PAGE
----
New Molecular Target Can Assist Relieve Asthma

New Molecular Target Can Assist Relieve Asthma

Scientists at Albany Medical College and UC Davis Health have established that the protein VEGFA (vascular endothelial growth factor A) plays an important role in the airway obstruction and inflammation related with asthma.

The discovery, posted online in the Journal of Allergy and Clinical Immunology, might ultimately result in new asthma therapies aiming for VEGFA.

“VEGFA was very sturdily synchronized in animals and asthma patients that get asthma-causing stimulations,” claimed co-senior author on the study and professor at UC Davis for pulmonary, critical care and sleep medicine, Angela Haczku, to the media in an interview. “This negotiator can really elicit the indications of asthma in the mouse sample and, if you aim on it, you remove the symptoms of asthma.”

For a long period, the Haczku lab has been working together closely with assistant professor at Albany Medical College for microbial disease and immunology and co-senior author of the new study, Qi Yang. The two groups earlier discovered that ILC2s (group 2 innate lymphoid cells) assist drive airway hyper-responsiveness, when lungs react to toxic air pollutants or allergens such as ozone, and the procedure of a completely-blown attack of asthma starts.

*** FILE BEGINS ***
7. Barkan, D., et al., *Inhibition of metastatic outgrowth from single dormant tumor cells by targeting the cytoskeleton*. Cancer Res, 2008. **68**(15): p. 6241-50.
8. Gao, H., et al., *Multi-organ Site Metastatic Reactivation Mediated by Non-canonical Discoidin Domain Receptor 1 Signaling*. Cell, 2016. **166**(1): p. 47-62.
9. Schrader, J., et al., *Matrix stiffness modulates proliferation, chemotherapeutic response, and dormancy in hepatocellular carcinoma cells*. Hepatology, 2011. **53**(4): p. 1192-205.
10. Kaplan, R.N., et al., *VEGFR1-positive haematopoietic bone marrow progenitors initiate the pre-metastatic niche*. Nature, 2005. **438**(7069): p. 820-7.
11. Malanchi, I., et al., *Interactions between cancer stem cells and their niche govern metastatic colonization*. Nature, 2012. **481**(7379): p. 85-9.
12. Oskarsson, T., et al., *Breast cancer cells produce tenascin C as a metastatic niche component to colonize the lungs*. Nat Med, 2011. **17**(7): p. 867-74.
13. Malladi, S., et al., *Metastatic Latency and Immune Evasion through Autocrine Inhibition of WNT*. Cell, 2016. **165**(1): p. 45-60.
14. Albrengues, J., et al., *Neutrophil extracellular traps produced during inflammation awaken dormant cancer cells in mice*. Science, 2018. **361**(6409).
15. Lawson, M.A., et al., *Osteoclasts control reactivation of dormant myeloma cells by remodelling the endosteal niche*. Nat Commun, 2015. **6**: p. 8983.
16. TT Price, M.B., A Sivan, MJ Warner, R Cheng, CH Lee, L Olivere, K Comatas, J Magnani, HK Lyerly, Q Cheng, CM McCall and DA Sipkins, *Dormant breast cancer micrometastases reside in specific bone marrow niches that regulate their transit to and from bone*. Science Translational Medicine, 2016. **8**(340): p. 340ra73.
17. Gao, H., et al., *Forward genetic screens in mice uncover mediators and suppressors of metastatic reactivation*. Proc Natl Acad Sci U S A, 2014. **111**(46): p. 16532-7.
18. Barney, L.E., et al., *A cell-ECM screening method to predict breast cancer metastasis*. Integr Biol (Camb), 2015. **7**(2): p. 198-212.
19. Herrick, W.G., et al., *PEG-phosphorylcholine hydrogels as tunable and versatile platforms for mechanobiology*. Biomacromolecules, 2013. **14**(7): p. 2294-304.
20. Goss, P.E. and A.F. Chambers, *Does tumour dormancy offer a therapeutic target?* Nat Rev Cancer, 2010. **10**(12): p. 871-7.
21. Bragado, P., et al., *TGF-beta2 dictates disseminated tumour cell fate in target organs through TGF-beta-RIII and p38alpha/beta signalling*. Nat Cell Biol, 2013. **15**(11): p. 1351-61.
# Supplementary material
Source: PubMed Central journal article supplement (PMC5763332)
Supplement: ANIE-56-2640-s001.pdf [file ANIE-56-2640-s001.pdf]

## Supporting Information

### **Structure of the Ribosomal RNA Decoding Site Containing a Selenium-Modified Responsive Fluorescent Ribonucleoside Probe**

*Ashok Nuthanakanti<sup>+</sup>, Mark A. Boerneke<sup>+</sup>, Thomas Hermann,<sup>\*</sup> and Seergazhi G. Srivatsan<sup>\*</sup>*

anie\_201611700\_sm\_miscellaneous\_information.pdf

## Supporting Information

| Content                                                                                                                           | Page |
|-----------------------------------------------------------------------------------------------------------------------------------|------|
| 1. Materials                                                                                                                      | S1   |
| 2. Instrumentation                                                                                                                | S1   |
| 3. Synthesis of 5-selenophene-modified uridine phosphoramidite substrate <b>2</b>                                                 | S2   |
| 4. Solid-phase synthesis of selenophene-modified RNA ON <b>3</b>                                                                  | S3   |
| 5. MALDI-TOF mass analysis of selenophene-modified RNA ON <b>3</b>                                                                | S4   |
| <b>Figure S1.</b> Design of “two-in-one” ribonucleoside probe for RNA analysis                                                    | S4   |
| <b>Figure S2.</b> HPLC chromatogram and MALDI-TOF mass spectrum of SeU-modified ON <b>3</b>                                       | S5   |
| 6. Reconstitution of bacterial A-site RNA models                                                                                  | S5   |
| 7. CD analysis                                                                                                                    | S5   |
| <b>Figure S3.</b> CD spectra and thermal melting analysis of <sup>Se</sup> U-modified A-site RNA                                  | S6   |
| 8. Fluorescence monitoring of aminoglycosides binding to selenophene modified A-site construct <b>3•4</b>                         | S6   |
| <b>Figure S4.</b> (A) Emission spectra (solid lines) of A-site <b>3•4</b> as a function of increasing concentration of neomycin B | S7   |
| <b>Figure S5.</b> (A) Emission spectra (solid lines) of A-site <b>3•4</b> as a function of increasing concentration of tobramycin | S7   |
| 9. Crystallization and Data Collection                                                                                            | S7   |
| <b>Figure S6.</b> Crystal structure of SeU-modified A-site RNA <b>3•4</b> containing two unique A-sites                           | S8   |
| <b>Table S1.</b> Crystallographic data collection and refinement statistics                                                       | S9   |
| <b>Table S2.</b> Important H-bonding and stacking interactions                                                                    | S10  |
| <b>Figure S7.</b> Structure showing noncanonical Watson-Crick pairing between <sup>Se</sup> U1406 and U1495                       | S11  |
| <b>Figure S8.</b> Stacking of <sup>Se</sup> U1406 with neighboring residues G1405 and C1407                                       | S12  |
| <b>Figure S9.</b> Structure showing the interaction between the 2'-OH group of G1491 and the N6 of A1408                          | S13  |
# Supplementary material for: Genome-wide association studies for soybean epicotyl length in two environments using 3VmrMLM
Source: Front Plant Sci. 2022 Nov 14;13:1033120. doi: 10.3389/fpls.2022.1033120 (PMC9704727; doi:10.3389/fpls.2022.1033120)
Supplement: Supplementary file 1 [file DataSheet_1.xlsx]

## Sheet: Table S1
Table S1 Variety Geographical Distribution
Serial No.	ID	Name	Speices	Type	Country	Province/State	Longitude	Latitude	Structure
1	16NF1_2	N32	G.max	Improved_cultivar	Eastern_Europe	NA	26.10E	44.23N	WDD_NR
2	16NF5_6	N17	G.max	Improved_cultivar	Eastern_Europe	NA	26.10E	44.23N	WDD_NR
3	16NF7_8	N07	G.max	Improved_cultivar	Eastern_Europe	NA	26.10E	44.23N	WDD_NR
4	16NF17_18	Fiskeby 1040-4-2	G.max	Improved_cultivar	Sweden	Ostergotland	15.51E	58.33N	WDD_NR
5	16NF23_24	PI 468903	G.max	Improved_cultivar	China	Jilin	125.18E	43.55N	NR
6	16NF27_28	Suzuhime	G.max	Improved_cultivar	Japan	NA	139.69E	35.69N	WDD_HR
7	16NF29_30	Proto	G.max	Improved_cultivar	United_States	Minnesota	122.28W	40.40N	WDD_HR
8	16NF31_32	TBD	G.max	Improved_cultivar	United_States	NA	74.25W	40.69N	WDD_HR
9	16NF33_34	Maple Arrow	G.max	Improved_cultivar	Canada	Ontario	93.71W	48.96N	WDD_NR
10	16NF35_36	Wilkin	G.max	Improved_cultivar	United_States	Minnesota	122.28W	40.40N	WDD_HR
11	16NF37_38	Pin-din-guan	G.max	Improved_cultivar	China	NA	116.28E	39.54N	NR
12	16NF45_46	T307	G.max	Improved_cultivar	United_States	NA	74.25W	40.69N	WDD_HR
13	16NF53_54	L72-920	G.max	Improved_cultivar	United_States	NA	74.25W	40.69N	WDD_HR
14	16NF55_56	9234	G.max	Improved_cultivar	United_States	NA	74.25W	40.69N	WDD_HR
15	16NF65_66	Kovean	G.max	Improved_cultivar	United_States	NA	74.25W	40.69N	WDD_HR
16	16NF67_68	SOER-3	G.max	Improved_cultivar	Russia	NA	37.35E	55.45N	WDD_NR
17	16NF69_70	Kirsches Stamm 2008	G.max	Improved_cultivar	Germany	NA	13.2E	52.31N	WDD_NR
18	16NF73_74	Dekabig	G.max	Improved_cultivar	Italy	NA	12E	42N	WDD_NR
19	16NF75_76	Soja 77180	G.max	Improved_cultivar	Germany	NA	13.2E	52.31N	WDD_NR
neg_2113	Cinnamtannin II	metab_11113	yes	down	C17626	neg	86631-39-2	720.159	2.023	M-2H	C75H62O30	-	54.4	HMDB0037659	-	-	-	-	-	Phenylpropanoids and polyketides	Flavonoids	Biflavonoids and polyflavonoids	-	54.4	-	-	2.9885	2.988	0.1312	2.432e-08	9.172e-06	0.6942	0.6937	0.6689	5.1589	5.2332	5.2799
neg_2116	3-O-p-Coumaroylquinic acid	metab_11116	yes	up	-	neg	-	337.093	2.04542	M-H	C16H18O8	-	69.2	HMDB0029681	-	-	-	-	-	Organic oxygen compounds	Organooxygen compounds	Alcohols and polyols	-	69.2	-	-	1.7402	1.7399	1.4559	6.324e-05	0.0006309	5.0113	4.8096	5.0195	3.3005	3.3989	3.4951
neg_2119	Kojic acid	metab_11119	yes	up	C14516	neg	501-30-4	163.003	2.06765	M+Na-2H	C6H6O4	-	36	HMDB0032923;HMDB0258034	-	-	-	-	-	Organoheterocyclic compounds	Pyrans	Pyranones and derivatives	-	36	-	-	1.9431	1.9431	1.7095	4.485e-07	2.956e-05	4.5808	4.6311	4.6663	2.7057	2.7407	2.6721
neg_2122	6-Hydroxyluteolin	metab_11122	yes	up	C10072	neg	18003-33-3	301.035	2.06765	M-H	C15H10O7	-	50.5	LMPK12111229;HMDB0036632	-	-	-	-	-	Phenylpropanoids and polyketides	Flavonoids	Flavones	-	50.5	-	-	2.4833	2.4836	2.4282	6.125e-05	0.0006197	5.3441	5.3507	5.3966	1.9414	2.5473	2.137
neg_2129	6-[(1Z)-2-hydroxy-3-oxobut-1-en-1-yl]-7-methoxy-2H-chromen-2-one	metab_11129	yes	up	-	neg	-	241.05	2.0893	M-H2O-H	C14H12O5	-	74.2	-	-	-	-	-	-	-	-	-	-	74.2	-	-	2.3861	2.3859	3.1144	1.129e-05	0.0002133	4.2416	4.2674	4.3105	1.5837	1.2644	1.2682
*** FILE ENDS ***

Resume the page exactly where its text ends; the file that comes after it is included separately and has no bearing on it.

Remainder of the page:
Their subsequent query was: What types of provocative molecules are ILC2s making to create this irritation?

“We could not understand what was really causing the obstruction of airway,” Haczku claimed. “How do these natural lymphoid cells result in asthma?”

To respond to this query this question, the scientists examined how a mouse framework reacted to Alternaria alternate, an ordinary allergen. Within a couple of hours, immune cells had penetrated the airways, causing inflammation. On the other hand, when the mice were given VEGFA inhibitor SU1498, both the inflammation and the immune response dropped.

Additional research displayed that ILC2s are enthused by interleukin-33, one more immune molecule of inflammation, which also provoked airway hyper-responsiveness.

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